One direction is to remove redundant structures in LSTM. Cho et al. (2014) remove the memory cell and introduce the gated recurrent unit (GRU) with only two gates. Lee et al. (2017) introduce an additive structure to generate hidden representations with linear transformed inputs directly, though we empirically observe that non-linear activations can stabilize model training. Zhang et al. (2018) propose a twin-gate mechanism where input and forget gate are simultaneously produced from the same variables. We extend this mechanism by removing the affine transformation of previous hidden states.

Another direction is to shift recurrent matrix multiplications outside the recurrence so as to improve the parallelization of RNNs. Bradbury et al. (2016) propose the quasi-recurrent network (QRNN). QRNN factors all matrix multiplications out of the recurrence and employs a convolutional network to capture local input patterns. A minimal recurrent pooling function is used in parallel across different channels to handle global input patterns. Lei et al. (2017) apply the kernel method to simplify recurrence and show improved model capacity with deep stacked RNNs. This idea is extended to SRU (Lei et al., 2018) where a minimal recurrent component is strengthened via an external highway layer. The proposed LRN falls into this category with the advantage over SRU of the non-dependence on the highway component.

Orthogonal to the above work, recent studies also show the potential of accelerating matrix computation with low-level optimization. Diamos et al. (2016) emphasize persistent computational kernels to exploit GPU’s inverted memory hierarchy for reusing/caching purpose. Appleyard et al. (2016) upgrade NIVIDIA’s cuDNN implementation through exposing parallelism between operations within the recurrence. Kuchaiev and Ginsburg (2017) reduce the number of model parameters by factorizing or partitioning LSTM matrices. In general, all these techniques can be applied to any recurrent units to reduce computational overhead.

Our work is closely related with ATR and SRU. Although recent work shows that novel recurrent units derived from weighted finite state automata are effective without the hidden-to-hidden connection (Balduzzi and Ghifary, 2016; Peng et al., 2018), we empirically observe that including previous hidden states for gates is crucial for model capacity which also resonates with the evolution of SRU. Unlike ATR and SRU, however, we demonstrate that the affine transformation on the previous hidden state for gates is unnecessary. In addition, our model has a strong connection with self-attention networks.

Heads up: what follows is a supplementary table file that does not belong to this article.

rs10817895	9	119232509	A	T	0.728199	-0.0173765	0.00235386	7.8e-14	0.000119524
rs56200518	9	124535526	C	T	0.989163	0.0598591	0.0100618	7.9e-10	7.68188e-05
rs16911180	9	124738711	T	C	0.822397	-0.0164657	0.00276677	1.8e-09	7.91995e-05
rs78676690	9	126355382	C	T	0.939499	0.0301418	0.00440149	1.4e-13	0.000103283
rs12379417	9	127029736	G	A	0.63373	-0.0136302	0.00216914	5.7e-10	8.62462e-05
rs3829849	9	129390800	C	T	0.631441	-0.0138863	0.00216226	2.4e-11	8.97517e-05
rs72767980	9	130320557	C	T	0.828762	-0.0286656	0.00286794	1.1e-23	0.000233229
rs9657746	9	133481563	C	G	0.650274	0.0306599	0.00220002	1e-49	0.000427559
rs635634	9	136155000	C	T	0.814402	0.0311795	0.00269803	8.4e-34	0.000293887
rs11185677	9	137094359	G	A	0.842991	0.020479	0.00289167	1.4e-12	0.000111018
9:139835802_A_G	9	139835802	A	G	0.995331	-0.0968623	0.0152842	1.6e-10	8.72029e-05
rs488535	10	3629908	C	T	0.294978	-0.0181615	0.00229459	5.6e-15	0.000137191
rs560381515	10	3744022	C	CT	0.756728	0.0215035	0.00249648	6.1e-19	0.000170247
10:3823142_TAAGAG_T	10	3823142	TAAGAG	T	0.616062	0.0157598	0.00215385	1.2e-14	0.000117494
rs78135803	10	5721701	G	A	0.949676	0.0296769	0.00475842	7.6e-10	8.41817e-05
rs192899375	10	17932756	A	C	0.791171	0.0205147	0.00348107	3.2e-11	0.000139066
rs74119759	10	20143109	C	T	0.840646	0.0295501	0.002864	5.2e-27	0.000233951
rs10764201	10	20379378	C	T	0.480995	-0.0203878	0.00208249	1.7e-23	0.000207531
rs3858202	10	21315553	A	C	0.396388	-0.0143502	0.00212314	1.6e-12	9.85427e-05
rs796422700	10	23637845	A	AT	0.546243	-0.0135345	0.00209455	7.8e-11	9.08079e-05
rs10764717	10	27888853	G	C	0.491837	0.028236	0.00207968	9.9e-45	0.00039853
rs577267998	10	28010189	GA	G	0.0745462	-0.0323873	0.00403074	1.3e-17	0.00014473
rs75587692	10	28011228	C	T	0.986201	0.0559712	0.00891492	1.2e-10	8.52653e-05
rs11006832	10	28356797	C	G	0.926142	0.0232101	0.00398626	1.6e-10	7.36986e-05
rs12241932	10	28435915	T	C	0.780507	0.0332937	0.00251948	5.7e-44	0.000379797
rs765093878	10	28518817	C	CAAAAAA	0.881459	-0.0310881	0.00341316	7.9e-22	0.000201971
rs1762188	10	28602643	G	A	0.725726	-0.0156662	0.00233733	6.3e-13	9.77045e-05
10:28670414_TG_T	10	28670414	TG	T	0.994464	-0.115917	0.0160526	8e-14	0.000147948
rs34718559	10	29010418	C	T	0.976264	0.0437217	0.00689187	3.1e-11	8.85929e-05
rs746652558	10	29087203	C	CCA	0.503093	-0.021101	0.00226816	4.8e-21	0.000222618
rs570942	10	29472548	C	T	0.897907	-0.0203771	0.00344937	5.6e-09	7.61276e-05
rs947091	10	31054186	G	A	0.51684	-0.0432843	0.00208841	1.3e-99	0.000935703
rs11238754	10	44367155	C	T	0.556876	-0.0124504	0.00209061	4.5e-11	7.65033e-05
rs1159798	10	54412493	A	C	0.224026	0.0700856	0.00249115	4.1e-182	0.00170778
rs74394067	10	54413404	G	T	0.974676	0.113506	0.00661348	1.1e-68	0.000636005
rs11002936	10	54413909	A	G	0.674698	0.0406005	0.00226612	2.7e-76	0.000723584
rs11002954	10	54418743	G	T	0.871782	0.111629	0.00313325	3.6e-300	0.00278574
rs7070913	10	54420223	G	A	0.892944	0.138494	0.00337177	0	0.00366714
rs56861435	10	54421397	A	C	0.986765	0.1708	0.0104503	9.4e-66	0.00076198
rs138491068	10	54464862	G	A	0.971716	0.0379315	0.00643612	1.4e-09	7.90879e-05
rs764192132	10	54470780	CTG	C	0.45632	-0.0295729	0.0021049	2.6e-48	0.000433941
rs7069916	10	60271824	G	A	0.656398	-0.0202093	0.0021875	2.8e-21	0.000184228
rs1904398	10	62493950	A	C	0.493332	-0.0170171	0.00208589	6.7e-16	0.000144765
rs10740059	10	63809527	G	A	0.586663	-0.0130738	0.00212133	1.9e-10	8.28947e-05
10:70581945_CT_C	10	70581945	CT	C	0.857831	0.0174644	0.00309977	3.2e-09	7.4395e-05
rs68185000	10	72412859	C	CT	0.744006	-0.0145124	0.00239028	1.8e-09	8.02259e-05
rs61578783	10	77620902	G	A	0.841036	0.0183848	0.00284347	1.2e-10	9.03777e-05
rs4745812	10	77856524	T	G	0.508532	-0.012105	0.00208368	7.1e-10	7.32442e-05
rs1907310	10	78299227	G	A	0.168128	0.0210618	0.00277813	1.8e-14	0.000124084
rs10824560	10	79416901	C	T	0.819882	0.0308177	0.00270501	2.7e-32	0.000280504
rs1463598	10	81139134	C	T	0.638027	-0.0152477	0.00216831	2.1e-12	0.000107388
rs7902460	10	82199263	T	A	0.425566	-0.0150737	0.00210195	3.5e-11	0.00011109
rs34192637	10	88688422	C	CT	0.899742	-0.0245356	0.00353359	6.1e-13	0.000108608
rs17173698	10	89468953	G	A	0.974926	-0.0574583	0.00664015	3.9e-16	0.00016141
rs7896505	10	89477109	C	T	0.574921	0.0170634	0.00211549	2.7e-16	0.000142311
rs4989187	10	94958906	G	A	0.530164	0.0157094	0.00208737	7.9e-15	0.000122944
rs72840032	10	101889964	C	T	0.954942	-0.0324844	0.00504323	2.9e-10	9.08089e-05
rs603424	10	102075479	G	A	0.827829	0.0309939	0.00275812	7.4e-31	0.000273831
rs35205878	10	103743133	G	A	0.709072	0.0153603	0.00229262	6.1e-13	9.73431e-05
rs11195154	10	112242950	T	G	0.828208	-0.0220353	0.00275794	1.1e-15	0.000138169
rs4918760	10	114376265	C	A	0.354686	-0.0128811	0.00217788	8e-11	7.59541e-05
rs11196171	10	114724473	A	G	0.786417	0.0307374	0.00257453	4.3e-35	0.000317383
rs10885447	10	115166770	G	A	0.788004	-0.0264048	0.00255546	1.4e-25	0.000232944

3 Lightweight Recurrent Network

Given a sequence of input = with length of , LRN operates as follows222Bias terms are removed for clarity.:

(1)
(2)
(3)
(4)

where are model parameters and is an activation function, such as identity and tanh. and indicate the element-wise multiplication and sigmoid activation function, respectively. and correspond to the -th row of the projected sequence representation . We use the term q, k and v to denote the implicit correspondence to query, key and value in self-attention networks which is elaborated in the next section.

As shown in Eq. (1), all matrix-related operations are shifted outside the recurrence and can be pre-calculated, thereby reducing the complexity of the recurrent computation from to and easing model parallelization. The design of the input gate and forget gate is inspired by the twin-gate mechanism in ATR (Zhang et al., 2018). Unlike ATR, however, we eschew the affine transformation on the previous hidden state. By doing so, the previous hidden state directly offers positive contribution to the input gate but negative to the forget gate, ensuring adverse correlation between these two gates.

The current hidden state is a weighted average of the current input and the previous hidden state followed by an element-wise activation. When identity function is employed, our model shows analogous properties to ATR. However, we empirically observe that this leads to gradually increased hidden representation values, resulting in optimization instability. Unlike SRU, which controls stability through a particular designed scaling term, we replace the identity function with the tanh function, which is simple but effective.

4 Structure Decomposition

In this section, we show an in-depth analysis of LRN by decomposing the recurrent structure. With an identity activation, the -th hidden state can be expanded as follows:

(5)

where the representation of the current token is composed of all previous tokens with their contribution distinguished by both input and forget gates.

Relation with self-attention network. After grouping these gates, we observe that:

(6)

Each weight can be regarded as a query from the current token to the -th input token . This query chain can be decomposed into two parts: a key represented by and a query represented by . The former is modulated through the weight matrix , and tightly associated with the corresponding input token. Information carried by the key remains intact during the evolution of time step . In contrast, the latter, induced by the weight matrix , highly depends on the position and length of this chain, which dynamically changes between different token pairs.